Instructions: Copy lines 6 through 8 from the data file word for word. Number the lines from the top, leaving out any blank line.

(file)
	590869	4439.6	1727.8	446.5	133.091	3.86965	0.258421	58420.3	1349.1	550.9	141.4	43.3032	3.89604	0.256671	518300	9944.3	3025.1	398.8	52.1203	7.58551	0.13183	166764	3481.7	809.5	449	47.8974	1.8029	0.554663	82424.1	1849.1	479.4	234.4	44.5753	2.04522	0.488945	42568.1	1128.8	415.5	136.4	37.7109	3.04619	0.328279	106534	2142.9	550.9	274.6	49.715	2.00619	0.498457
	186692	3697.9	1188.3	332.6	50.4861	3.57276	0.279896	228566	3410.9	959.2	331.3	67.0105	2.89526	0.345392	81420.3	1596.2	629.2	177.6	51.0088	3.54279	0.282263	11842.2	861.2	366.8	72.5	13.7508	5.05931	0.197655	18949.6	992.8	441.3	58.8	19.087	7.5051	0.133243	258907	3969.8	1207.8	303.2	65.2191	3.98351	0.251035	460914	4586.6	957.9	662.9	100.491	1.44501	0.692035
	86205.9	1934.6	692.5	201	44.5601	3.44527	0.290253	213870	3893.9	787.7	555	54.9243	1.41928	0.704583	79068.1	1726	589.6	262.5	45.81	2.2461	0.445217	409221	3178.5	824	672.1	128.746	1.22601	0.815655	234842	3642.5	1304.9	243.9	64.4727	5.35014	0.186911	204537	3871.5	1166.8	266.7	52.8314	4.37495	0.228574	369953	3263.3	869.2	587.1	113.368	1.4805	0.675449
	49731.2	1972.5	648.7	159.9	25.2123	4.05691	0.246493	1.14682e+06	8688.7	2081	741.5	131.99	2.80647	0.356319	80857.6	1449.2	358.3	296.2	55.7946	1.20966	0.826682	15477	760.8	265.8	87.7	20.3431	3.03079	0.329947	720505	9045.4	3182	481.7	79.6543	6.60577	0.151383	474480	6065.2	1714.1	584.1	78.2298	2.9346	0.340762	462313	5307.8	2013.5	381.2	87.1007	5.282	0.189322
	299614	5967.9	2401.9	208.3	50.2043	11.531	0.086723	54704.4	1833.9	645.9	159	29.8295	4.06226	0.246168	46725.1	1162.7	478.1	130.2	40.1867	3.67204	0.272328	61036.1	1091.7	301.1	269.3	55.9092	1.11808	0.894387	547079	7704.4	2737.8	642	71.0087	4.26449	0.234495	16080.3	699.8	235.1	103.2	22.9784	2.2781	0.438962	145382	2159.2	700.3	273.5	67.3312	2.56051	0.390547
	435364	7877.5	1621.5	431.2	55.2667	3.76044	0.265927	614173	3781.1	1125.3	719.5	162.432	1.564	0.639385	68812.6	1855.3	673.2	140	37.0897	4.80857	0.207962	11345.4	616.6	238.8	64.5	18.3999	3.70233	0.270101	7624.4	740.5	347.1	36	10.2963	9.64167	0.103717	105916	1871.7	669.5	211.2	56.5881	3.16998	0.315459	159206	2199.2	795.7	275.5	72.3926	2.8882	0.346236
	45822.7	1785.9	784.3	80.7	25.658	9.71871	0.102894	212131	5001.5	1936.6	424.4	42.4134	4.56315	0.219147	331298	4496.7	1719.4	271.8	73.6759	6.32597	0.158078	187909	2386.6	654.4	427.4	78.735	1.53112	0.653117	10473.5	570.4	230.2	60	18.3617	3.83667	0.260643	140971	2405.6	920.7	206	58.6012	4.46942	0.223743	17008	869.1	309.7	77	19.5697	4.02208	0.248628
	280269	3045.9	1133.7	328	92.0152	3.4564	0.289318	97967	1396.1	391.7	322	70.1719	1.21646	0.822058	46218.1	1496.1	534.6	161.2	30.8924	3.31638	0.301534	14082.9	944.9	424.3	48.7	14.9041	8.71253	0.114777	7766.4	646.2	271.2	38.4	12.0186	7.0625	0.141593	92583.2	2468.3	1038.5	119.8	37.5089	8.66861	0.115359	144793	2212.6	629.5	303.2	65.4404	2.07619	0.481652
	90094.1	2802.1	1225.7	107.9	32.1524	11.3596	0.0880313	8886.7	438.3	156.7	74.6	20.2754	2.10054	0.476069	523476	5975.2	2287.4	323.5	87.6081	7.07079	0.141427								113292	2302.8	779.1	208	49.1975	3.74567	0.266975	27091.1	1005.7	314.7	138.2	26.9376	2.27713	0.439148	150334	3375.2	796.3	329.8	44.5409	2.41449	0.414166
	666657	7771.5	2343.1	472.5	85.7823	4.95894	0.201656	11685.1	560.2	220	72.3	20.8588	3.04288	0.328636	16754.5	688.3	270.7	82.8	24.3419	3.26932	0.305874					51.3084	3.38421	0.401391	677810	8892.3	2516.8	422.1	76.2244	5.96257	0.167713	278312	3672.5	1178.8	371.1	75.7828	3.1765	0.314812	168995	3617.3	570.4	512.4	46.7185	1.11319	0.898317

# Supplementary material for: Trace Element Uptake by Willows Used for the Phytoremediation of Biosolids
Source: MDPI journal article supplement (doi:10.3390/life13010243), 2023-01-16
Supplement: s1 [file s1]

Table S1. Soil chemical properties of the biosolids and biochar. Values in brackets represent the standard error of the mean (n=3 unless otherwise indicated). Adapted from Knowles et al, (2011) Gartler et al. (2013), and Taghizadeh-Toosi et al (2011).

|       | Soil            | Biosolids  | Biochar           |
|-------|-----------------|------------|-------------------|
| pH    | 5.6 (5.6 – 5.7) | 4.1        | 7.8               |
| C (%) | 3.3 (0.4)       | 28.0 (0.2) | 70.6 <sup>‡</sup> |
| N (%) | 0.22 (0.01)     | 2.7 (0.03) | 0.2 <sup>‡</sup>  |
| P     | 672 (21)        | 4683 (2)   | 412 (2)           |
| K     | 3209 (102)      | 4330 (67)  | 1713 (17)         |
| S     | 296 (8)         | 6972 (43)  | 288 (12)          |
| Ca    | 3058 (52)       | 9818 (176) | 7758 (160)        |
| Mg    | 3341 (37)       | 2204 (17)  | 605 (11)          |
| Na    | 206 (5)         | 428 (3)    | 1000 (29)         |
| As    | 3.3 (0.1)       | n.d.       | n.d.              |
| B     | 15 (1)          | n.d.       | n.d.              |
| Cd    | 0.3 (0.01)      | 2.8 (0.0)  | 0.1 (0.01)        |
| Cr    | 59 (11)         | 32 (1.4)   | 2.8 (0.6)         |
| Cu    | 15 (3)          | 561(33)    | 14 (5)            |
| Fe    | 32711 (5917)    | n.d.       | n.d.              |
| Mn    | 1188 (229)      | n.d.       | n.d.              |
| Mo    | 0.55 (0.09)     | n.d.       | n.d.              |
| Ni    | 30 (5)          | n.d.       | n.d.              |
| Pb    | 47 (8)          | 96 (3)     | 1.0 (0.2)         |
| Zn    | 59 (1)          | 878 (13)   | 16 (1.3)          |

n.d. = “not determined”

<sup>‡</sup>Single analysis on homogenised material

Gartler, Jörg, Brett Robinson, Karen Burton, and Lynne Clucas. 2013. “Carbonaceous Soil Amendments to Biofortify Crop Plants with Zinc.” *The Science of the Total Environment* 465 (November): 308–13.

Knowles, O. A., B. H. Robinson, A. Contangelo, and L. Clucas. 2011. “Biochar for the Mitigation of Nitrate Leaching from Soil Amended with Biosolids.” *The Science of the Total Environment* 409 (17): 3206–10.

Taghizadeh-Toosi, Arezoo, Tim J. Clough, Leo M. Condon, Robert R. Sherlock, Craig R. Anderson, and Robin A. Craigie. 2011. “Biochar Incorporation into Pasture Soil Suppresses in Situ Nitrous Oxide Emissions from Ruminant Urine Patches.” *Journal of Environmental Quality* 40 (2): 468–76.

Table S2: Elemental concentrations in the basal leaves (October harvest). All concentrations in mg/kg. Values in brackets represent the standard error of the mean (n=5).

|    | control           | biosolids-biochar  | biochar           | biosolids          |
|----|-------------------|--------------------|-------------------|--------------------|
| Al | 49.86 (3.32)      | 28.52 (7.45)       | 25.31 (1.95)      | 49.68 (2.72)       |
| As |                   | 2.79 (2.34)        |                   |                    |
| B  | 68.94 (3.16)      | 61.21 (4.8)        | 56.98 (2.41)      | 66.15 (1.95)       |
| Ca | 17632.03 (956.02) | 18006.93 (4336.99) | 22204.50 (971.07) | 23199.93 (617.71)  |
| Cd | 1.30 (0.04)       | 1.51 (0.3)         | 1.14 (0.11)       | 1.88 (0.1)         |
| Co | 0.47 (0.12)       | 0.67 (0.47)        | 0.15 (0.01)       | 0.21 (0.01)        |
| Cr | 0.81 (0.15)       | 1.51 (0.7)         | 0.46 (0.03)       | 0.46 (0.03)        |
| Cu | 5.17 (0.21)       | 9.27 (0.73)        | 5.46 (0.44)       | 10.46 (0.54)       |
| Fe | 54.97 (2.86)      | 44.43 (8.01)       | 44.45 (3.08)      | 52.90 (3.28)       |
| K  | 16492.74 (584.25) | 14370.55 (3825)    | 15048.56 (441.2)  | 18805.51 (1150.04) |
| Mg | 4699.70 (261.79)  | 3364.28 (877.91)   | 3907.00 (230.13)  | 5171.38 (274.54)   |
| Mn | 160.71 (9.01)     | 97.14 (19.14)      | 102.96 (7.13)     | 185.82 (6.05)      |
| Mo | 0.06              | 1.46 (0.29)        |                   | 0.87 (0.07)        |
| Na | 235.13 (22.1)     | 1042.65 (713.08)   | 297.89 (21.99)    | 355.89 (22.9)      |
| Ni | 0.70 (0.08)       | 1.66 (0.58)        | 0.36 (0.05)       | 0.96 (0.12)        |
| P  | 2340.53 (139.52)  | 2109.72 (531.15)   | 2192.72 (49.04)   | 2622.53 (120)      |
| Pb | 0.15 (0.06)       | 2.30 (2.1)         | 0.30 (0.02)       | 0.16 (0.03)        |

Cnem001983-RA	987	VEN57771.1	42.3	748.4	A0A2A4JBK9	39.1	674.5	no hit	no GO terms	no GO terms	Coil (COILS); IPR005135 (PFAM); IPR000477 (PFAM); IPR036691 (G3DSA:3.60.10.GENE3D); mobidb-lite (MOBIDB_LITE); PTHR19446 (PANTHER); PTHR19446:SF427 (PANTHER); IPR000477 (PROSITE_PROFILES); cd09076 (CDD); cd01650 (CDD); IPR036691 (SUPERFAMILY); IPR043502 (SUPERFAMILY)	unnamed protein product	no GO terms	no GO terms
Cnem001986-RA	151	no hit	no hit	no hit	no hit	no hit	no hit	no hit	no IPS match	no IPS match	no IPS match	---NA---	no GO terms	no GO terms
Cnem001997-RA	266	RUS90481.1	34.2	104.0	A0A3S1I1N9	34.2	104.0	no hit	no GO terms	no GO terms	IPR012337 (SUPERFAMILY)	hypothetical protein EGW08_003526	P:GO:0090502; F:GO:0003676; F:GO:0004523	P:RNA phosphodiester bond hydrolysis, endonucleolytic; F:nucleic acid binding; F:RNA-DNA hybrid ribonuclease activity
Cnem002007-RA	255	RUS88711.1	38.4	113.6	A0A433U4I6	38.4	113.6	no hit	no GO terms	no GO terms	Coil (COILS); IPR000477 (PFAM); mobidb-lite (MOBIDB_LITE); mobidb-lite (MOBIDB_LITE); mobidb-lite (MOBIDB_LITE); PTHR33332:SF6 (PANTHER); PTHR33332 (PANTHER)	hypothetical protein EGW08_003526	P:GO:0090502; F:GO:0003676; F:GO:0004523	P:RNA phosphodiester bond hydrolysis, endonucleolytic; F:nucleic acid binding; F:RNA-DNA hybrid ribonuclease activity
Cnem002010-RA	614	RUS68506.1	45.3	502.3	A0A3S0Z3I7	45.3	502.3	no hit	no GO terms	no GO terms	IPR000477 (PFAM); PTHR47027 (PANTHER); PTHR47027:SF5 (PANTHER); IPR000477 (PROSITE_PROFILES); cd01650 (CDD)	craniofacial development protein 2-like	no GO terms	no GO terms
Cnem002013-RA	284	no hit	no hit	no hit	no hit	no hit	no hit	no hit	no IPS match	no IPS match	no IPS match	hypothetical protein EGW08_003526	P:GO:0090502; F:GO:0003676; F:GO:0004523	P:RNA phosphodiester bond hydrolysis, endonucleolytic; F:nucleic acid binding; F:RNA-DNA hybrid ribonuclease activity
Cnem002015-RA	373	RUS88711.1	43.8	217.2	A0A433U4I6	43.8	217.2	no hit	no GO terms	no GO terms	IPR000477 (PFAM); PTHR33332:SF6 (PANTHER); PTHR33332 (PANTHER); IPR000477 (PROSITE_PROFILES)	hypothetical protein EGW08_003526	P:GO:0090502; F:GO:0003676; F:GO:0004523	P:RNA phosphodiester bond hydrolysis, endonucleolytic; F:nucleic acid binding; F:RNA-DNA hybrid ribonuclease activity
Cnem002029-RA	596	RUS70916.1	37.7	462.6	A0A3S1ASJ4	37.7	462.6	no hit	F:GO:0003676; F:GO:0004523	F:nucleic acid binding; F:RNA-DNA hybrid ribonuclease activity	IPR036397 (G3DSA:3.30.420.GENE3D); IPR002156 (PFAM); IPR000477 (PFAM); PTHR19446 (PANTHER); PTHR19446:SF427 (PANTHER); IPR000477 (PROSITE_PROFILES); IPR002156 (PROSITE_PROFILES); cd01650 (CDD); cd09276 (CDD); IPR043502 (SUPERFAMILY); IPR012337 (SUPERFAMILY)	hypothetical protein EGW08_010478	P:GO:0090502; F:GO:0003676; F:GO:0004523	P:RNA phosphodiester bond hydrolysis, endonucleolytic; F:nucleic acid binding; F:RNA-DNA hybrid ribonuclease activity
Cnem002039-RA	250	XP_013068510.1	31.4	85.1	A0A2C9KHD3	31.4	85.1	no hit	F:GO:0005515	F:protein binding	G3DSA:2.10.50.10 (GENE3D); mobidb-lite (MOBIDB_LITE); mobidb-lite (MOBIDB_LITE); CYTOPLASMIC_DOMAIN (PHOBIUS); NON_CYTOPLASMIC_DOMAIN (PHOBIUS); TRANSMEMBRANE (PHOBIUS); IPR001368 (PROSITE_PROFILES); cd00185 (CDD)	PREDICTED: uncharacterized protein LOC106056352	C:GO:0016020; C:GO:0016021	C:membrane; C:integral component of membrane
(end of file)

	435364	7877.5	1621.5	431.2	55.2667	3.76044	0.265927	614173	3781.1	1125.3	719.5	162.432	1.564	0.639385	68812.6	1855.3	673.2	140	37.0897	4.80857	0.207962	11345.4	616.6	238.8	64.5	18.3999	3.70233	0.270101	7624.4	740.5	347.1	36	10.2963	9.64167	0.103717	105916	1871.7	669.5	211.2	56.5881	3.16998	0.315459	159206	2199.2	795.7	275.5	72.3926	2.8882	0.346236
	45822.7	1785.9	784.3	80.7	25.658	9.71871	0.102894	212131	5001.5	1936.6	424.4	42.4134	4.56315	0.219147	331298	4496.7	1719.4	271.8	73.6759	6.32597	0.158078	187909	2386.6	654.4	427.4	78.735	1.53112	0.653117	10473.5	570.4	230.2	60	18.3617	3.83667	0.260643	140971	2405.6	920.7	206	58.6012	4.46942	0.223743	17008	869.1	309.7	77	19.5697	4.02208	0.248628
	280269	3045.9	1133.7	328	92.0152	3.4564	0.289318	97967	1396.1	391.7	322	70.1719	1.21646	0.822058	46218.1	1496.1	534.6	161.2	30.8924	3.31638	0.301534	14082.9	944.9	424.3	48.7	14.9041	8.71253	0.114777	7766.4	646.2	271.2	38.4	12.0186	7.0625	0.141593	92583.2	2468.3	1038.5	119.8	37.5089	8.66861	0.115359	144793	2212.6	629.5	303.2	65.4404	2.07619	0.481652